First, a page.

WILLIAMSBURG – Local residents looking for a better way to cross the BQE on foot into the other side of Williamsburg have come up with a new suggestion: reopen the long-closed Hope Street underpass.
The topic came up at a Community Board 1 meeting last week, suggested by longtime resident Daphne Fitzpatrick, who has lived on Hope Street since 1994. Fitzpatrick remembered the underpass from the 90s, when local residents were able to quickly cross under the BQE in a pedestrian-focused space, away from traffic.
“We used it all the time—it was run down, but I remember it fondly,” Fitzpatrick said.
Since the closure of the underpass in the mid-90s, pedestrians have used Metropolitan Avenue to cross between the two sides of the neighborhood, but traffic underneath the BQE at Meeker Avenue and Rodney Street is heavy, with 18-wheeler trucks rumbling along just feet from the sidewalk.
“That walk is horrible,” said Fitzpatrick, whose concerns about traffic were heightened by the arrival of a baby. Pushing her 7-month-old son in a stroller along Metropolitan past the lanes of rushing traffic, she recalled the Hope Street underpass and wondered why it couldn’t be reopened.
Additionally, with the upcoming closure of the Canarsie Tunnel, L train riders that used to board at Bedford Avenue will be walking east, looking for a connection to the G train and access to alternate lines—a key part of the MTA’s mitigation strategy.
The MTA plans to open up a closed entrance to the Metropolitan G at the corner of Hope and Union Avenue to increase station capacity—and if an underpass were created, it’d be a straight shot across and into the station for west Williamsburg commuters.
Surprisingly, as anyone that’s attended a Community Board meeting almost anywhere in New York can attest, the reaction from both board members and the audience was almost overwhelmingly positive. Many residents remembered the underpass and were encouraging of the proposal. A suggestion was made to pitch the idea for Participatory Budgeting.
Some of the older residents weren’t happy with the idea—citing the area as a hotbed for crime in the 60s and 70s. Others acknowledged their concerns, but pointed out that Williamsburg is a very different neighborhood in 2018 than it was twenty years ago—much less forty or fifty.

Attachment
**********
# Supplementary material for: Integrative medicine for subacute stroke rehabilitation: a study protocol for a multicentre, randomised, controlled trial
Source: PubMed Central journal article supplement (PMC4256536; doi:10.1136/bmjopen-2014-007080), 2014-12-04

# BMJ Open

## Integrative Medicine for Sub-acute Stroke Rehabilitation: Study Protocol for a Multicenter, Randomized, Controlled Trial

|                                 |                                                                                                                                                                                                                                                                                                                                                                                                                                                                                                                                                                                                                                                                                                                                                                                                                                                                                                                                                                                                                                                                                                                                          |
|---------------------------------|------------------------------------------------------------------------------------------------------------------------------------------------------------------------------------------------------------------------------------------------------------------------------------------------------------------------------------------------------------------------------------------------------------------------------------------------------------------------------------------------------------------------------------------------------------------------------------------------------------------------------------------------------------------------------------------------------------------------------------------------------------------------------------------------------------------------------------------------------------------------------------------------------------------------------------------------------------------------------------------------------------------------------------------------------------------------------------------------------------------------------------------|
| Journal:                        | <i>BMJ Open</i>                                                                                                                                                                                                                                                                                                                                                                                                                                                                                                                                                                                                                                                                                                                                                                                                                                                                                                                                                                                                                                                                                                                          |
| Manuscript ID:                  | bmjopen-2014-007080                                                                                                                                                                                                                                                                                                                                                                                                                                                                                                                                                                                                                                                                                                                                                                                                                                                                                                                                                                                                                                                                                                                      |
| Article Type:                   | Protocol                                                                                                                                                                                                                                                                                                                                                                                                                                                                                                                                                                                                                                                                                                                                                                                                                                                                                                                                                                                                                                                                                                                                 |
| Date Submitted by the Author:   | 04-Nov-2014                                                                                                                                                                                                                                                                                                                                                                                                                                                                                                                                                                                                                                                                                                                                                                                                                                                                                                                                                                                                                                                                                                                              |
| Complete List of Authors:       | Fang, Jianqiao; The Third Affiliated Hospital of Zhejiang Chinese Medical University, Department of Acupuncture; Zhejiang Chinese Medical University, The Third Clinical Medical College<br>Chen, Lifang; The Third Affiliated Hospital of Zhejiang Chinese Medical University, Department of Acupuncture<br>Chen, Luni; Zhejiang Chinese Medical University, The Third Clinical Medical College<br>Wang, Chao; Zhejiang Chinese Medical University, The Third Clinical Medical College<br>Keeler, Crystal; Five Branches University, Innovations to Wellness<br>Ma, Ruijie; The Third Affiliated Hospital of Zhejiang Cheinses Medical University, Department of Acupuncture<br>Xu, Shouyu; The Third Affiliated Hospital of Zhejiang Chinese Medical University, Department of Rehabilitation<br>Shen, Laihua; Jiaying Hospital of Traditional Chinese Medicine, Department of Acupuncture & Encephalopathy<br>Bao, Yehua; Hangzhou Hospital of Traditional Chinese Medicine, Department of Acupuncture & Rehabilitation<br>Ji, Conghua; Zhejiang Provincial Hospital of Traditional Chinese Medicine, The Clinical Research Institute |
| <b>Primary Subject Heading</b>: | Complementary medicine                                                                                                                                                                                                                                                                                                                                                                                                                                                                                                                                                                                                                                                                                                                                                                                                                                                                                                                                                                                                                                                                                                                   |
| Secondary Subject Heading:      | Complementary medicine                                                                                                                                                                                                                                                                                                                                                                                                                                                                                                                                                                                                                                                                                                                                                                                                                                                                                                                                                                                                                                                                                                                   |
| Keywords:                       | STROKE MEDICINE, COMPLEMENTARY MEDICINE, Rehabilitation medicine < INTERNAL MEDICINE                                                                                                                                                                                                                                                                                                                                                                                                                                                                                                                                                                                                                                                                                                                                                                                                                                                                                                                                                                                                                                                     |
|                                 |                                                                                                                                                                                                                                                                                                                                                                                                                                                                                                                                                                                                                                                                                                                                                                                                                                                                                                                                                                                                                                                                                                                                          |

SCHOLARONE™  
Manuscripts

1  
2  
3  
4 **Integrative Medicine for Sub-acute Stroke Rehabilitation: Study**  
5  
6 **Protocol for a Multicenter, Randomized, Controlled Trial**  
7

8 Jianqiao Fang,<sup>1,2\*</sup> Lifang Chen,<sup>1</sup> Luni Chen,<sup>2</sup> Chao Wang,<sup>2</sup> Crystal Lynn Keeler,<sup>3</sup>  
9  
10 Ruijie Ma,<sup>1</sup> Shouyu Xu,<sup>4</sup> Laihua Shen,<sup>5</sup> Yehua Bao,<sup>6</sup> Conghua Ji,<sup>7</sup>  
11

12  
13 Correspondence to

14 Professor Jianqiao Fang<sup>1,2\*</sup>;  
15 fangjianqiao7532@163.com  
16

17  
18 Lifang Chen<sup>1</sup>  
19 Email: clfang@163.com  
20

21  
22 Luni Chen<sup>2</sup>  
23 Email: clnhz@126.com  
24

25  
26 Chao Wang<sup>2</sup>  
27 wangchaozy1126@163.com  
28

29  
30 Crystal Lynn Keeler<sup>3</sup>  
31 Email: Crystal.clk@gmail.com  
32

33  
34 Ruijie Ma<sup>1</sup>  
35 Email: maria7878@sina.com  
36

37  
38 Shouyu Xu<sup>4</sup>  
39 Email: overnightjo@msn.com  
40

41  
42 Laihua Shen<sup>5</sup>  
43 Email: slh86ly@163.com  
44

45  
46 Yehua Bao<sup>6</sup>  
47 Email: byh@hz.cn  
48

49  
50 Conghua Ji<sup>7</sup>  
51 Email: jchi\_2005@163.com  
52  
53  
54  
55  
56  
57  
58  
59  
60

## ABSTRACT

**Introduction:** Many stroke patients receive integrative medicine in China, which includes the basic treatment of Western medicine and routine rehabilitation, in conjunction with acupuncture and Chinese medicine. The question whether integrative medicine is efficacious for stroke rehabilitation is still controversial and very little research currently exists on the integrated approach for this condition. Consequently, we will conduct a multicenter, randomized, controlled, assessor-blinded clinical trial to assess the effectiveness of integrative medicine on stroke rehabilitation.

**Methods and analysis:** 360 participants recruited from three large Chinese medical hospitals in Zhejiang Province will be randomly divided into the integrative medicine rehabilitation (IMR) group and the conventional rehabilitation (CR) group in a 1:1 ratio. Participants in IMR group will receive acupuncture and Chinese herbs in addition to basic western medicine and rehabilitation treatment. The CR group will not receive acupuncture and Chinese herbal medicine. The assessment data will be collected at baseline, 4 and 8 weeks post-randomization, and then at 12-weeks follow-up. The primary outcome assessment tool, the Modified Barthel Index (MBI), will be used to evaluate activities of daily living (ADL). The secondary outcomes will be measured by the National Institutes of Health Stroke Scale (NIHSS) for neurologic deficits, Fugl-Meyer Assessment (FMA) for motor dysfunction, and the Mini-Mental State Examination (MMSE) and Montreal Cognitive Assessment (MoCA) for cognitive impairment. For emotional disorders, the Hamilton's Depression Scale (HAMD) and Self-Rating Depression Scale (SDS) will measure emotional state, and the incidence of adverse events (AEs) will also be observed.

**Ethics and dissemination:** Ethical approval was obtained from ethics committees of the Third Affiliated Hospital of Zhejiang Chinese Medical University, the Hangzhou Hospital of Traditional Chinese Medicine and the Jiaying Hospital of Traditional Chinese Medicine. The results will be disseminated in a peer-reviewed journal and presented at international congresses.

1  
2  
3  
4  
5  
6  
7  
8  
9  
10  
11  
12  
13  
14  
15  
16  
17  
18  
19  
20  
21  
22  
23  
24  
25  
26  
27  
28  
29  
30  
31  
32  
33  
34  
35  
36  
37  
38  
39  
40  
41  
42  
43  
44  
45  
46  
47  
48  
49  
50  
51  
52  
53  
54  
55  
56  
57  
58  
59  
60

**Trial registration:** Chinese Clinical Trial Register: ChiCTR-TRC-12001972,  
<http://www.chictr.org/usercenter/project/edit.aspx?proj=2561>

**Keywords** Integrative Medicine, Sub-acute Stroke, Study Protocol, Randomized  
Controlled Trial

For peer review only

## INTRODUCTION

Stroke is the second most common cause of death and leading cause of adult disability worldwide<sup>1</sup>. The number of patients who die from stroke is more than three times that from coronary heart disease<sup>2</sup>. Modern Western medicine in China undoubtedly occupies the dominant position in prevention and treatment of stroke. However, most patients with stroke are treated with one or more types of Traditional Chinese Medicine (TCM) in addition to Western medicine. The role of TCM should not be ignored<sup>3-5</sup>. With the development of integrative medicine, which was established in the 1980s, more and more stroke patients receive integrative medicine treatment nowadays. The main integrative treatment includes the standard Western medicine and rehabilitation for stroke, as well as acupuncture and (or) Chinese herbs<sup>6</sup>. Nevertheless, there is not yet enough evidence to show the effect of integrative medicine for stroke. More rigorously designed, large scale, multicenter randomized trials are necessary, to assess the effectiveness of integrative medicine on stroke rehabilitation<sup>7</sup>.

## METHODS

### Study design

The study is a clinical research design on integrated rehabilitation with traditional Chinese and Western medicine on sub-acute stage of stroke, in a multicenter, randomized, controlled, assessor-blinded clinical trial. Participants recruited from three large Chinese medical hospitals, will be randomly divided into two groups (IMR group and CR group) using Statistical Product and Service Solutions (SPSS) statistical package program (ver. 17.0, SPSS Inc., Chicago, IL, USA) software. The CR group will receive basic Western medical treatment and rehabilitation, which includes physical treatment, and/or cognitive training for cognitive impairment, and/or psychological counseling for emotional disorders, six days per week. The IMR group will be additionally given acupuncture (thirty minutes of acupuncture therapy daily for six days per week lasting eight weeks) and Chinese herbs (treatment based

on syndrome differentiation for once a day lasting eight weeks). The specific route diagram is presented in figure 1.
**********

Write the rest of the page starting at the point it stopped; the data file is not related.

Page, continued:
Lately, New York City officials have touted the city’s current status as the safest big city in America at every opportunity. Last week, NYPD Captain Skretch announced that his command, the 90th Precinct, had posted the largest drop in crime citywide in the latest 28-day reporting period.
Of course, even if funding and crime weren’t concerns when digging a new tunnel, the main question is feasibility: can it even be done?
According to the New York State Department of Transportation (NYSDOT), the underpass was filled in during the Meeker Avenue Viaduct Reconstruction Project that wrapped up in 1996.
“Today [the underpass] helps maintain the structural integrity of the highway,” an NYSDOT spokesperson responded via email, adding that, “Metropolitan Avenue is close by and is regularly utilized by pedestrians.”
Still, twenty years on, Williamsburg residents plan on following up on the idea. Community Board 1’s Transportation Committee is planning to discuss the proposal at their next meeting, Fitzpatrick said, and invited her to attend.
She’s also planning to email local City Councilmember Antonio Reynoso, who she thinks will have the most power to get the ball rolling on a proposal.
“The underpass makes so much sense,” she said. “You could avoid Metropolitan and get to the other side in a pleasant, more convenient way.”
Fitzpatrick envisions an improvement from the damp and smelly tunnel she remembers from the 90s, thinking now of an attractive, well-lit project.
“When they build things now, they’re better than ever,” she said.